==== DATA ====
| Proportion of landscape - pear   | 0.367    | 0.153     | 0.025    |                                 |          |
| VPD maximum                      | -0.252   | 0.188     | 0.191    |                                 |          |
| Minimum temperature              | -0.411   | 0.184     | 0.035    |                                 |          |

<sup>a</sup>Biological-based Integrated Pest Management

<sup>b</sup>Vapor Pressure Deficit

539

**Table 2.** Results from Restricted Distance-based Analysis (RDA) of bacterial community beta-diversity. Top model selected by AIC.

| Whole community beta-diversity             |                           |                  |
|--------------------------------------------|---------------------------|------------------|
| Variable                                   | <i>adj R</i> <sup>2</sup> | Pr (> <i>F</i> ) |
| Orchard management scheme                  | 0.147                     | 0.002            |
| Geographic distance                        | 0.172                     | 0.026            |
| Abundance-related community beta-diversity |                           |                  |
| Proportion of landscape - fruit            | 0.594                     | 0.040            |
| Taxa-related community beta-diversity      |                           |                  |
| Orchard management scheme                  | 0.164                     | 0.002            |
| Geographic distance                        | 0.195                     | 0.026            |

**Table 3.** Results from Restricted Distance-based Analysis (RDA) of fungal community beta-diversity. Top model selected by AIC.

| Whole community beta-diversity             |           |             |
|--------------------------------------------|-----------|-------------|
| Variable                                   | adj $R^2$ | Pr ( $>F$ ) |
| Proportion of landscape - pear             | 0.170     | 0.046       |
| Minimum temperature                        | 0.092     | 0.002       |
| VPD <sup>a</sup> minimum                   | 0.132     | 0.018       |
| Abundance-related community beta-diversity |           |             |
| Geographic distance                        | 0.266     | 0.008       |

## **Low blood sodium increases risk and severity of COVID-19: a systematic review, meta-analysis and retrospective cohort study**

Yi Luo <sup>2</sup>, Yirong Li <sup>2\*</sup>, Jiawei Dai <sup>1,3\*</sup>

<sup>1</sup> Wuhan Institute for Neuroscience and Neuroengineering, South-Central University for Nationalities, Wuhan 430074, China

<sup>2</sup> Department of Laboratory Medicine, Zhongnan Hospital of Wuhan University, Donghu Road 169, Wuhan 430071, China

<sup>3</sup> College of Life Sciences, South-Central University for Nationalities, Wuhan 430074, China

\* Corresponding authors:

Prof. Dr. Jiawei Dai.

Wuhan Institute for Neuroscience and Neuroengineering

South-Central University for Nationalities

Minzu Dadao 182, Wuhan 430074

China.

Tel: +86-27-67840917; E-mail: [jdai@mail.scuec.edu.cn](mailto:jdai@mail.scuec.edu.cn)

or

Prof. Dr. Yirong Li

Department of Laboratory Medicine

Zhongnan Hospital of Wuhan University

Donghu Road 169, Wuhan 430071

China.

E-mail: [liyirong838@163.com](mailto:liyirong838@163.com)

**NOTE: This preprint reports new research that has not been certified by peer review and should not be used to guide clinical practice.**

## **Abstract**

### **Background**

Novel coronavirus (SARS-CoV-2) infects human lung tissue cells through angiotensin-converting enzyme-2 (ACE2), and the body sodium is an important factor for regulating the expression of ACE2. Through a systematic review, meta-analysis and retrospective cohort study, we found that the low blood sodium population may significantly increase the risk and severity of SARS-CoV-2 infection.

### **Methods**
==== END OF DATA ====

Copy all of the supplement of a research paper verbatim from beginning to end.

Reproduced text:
| Proportion of landscape - pear   | 0.367    | 0.153     | 0.025    |                                 |          |
| VPD maximum                      | -0.252   | 0.188     | 0.191    |                                 |          |
| Minimum temperature              | -0.411   | 0.184     | 0.035    |                                 |          |

<sup>a</sup>Biological-based Integrated Pest Management

<sup>b</sup>Vapor Pressure Deficit

539

**Table 2.** Results from Restricted Distance-based Analysis (RDA) of bacterial community beta-diversity. Top model selected by AIC.

| Whole community beta-diversity             |                           |                  |
|--------------------------------------------|---------------------------|------------------|
| Variable                                   | <i>adj R</i> <sup>2</sup> | Pr (> <i>F</i> ) |
| Orchard management scheme                  | 0.147                     | 0.002            |
| Geographic distance                        | 0.172                     | 0.026            |
| Abundance-related community beta-diversity |                           |                  |
| Proportion of landscape - fruit            | 0.594                     | 0.040            |
| Taxa-related community beta-diversity      |                           |                  |
| Orchard management scheme                  | 0.164                     | 0.002            |
| Geographic distance                        | 0.195                     | 0.026            |

**Table 3.** Results from Restricted Distance-based Analysis (RDA) of fungal community beta-diversity. Top model selected by AIC.

| Whole community beta-diversity             |           |             |
|--------------------------------------------|-----------|-------------|
| Variable                                   | adj $R^2$ | Pr ( $>F$ ) |
| Proportion of landscape - pear             | 0.170     | 0.046       |
| Minimum temperature                        | 0.092     | 0.002       |
| VPD <sup>a</sup> minimum                   | 0.132     | 0.018       |
| Abundance-related community beta-diversity |           |             |
| Geographic distance                        | 0.266     | 0.008       |

## **Low blood sodium increases risk and severity of COVID-19: a systematic review, meta-analysis and retrospective cohort study**

Yi Luo <sup>2</sup>, Yirong Li <sup>2\*</sup>, Jiawei Dai <sup>1,3\*</sup>

<sup>1</sup> Wuhan Institute for Neuroscience and Neuroengineering, South-Central University for Nationalities, Wuhan 430074, China

<sup>2</sup> Department of Laboratory Medicine, Zhongnan Hospital of Wuhan University, Donghu Road 169, Wuhan 430071, China

<sup>3</sup> College of Life Sciences, South-Central University for Nationalities, Wuhan 430074, China

\* Corresponding authors:

Prof. Dr. Jiawei Dai.

Wuhan Institute for Neuroscience and Neuroengineering

South-Central University for Nationalities

Minzu Dadao 182, Wuhan 430074

China.

Tel: +86-27-67840917; E-mail: [jdai@mail.scuec.edu.cn](mailto:jdai@mail.scuec.edu.cn)

or

Prof. Dr. Yirong Li

Department of Laboratory Medicine

Zhongnan Hospital of Wuhan University

Donghu Road 169, Wuhan 430071

China.

E-mail: [liyirong838@163.com](mailto:liyirong838@163.com)

**NOTE: This preprint reports new research that has not been certified by peer review and should not be used to guide clinical practice.**

## **Abstract**

### **Background**

Novel coronavirus (SARS-CoV-2) infects human lung tissue cells through angiotensin-converting enzyme-2 (ACE2), and the body sodium is an important factor for regulating the expression of ACE2. Through a systematic review, meta-analysis and retrospective cohort study, we found that the low blood sodium population may significantly increase the risk and severity of SARS-CoV-2 infection.

### **Methods**